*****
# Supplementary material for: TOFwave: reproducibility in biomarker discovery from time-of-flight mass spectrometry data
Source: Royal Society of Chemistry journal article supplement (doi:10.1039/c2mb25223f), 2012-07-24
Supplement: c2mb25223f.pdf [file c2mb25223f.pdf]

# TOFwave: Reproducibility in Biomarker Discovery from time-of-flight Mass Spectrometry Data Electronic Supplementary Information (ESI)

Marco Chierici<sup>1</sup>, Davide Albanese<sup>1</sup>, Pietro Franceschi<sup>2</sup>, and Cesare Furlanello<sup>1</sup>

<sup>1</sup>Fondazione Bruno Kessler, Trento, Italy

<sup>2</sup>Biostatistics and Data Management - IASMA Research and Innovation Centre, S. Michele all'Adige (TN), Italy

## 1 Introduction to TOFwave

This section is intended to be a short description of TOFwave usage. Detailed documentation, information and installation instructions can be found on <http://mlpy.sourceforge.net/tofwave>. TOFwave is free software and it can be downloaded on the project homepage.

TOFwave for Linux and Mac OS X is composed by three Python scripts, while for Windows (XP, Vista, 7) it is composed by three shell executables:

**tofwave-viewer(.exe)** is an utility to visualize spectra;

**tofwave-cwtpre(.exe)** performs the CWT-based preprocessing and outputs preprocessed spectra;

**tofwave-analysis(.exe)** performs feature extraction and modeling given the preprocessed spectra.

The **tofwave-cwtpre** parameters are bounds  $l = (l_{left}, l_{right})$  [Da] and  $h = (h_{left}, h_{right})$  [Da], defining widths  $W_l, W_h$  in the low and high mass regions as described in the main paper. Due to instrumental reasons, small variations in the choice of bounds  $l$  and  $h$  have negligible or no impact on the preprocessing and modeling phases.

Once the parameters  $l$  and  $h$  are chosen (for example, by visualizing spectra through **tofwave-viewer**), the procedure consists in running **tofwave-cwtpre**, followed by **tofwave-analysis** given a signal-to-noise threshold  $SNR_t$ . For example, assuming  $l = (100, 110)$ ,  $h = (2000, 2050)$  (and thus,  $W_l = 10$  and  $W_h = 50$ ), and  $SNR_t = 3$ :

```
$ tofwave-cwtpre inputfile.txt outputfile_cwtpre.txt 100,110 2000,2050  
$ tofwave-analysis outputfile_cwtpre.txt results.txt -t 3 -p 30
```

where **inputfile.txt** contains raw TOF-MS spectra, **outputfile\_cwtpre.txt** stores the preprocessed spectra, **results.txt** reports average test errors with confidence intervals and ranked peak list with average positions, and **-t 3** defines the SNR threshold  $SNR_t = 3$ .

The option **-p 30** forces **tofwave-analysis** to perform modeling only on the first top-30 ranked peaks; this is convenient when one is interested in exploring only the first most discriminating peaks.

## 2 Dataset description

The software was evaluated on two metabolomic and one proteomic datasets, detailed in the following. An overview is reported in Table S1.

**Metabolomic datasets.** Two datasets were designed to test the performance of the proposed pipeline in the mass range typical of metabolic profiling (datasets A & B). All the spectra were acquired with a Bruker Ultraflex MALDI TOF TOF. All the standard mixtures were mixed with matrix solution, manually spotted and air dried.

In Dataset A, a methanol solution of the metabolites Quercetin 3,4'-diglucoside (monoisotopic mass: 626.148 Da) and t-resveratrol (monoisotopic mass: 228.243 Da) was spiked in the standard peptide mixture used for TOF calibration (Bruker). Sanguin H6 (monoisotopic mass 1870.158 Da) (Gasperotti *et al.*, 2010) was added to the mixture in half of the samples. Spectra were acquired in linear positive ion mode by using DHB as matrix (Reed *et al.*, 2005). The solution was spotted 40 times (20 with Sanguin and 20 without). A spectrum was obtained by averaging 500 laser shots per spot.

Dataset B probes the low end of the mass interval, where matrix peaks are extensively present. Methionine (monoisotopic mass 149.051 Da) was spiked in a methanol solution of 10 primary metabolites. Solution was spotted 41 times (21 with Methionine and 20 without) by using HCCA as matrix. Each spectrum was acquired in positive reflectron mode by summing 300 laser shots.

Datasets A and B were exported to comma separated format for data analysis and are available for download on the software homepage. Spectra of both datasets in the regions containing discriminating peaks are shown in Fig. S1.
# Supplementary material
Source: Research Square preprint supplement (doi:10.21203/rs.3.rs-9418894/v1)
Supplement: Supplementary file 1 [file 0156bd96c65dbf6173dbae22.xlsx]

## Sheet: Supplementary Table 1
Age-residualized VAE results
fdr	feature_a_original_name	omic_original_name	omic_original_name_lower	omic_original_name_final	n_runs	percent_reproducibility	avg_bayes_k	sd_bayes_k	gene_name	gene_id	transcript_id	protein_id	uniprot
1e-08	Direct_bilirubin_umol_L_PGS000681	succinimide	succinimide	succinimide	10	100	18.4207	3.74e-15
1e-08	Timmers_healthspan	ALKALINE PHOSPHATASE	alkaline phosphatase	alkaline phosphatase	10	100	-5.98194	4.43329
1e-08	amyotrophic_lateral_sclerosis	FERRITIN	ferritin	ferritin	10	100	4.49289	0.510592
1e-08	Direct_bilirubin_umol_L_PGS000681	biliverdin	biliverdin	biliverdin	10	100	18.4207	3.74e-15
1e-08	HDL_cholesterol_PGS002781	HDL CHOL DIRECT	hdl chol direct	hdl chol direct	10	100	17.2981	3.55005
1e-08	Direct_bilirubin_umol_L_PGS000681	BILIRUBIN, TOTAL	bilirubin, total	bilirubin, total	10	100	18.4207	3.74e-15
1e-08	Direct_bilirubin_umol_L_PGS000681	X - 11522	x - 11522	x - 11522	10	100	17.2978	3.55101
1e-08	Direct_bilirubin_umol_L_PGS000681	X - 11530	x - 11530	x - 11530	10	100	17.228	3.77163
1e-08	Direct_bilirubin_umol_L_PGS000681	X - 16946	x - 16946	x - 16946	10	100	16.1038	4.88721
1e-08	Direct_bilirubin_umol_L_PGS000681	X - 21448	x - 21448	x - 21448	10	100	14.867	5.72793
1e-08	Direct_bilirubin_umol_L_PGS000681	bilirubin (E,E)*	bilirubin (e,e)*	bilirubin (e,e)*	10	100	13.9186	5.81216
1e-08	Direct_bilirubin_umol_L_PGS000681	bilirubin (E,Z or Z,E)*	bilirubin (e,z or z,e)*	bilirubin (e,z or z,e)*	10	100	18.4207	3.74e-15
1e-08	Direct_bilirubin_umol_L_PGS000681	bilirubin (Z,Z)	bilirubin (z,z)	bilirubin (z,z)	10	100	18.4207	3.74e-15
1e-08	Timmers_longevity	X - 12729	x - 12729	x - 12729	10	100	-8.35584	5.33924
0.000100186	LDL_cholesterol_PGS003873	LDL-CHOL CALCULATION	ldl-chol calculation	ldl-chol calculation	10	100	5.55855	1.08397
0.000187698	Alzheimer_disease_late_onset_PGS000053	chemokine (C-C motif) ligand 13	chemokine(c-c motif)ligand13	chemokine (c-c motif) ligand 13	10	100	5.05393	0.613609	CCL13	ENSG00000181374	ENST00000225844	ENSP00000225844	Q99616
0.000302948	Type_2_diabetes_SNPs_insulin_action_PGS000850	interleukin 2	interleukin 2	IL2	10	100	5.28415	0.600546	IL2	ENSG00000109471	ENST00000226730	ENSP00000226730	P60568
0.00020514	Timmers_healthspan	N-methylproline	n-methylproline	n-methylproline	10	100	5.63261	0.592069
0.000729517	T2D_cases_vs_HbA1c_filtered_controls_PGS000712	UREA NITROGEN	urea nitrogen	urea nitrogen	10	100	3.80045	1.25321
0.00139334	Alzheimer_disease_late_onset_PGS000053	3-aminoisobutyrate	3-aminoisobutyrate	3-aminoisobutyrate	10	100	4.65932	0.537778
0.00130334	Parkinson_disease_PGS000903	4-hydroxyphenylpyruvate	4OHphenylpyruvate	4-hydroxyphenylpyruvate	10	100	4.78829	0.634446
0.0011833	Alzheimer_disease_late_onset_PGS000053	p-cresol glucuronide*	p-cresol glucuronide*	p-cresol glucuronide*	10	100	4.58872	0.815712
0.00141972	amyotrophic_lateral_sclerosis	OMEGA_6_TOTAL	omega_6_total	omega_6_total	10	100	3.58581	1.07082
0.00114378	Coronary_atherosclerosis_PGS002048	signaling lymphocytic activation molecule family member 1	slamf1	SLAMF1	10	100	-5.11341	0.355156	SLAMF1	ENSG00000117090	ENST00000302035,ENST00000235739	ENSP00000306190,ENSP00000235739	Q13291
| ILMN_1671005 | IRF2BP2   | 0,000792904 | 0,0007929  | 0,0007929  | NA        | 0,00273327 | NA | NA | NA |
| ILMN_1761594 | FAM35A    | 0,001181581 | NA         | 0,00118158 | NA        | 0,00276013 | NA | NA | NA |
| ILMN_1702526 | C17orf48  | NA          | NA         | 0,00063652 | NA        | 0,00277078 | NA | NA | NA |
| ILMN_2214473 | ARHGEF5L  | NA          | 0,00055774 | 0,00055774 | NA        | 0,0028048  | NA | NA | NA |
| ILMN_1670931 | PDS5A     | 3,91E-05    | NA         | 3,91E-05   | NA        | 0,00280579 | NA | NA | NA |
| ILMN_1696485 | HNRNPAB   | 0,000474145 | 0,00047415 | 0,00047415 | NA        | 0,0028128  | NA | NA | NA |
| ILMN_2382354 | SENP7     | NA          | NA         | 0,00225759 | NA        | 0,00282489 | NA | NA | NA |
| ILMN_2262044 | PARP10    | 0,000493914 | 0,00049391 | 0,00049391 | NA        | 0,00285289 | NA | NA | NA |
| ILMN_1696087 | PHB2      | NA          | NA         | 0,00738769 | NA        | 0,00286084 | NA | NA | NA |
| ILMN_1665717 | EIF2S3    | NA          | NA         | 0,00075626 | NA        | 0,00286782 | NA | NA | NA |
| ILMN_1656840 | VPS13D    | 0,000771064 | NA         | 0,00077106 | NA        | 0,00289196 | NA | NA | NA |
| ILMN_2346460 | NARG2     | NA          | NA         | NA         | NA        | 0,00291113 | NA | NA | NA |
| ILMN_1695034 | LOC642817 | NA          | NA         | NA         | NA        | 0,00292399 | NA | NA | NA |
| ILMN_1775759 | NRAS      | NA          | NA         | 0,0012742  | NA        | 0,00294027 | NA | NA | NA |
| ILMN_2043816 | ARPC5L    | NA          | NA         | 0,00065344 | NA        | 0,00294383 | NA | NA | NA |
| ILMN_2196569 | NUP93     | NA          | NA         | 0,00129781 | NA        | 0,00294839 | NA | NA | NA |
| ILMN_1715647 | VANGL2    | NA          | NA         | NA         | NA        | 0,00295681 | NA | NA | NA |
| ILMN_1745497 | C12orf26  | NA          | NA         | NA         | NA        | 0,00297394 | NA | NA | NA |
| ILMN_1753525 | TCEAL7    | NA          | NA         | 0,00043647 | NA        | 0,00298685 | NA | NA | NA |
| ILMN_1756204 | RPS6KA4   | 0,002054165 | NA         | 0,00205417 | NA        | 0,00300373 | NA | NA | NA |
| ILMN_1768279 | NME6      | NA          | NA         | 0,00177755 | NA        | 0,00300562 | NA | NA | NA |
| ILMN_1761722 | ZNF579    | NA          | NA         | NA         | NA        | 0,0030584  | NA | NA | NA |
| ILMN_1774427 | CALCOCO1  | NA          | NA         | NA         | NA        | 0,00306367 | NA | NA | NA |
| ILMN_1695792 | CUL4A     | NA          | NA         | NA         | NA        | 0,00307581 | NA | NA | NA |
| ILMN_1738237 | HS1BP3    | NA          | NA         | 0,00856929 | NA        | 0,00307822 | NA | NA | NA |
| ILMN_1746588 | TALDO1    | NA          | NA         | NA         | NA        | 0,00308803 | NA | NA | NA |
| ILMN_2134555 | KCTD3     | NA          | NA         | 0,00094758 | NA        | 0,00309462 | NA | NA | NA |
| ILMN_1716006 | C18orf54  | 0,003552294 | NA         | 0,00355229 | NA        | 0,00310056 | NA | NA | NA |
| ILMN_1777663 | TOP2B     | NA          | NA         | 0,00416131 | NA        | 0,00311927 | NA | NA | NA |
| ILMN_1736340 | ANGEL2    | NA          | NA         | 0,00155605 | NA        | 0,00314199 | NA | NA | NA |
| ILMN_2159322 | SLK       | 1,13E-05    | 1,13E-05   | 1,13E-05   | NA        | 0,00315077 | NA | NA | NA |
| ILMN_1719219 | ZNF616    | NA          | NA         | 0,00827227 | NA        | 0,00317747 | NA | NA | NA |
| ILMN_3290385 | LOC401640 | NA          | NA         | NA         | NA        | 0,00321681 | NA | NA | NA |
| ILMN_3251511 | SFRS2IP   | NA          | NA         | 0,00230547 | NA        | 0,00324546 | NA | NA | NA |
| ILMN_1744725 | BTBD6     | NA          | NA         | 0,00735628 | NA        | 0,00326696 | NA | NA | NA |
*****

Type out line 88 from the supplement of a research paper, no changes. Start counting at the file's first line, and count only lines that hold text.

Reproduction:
| ILMN_2159322 | SLK       | 1,13E-05    | 1,13E-05   | 1,13E-05   | NA        | 0,00315077 | NA | NA | NA |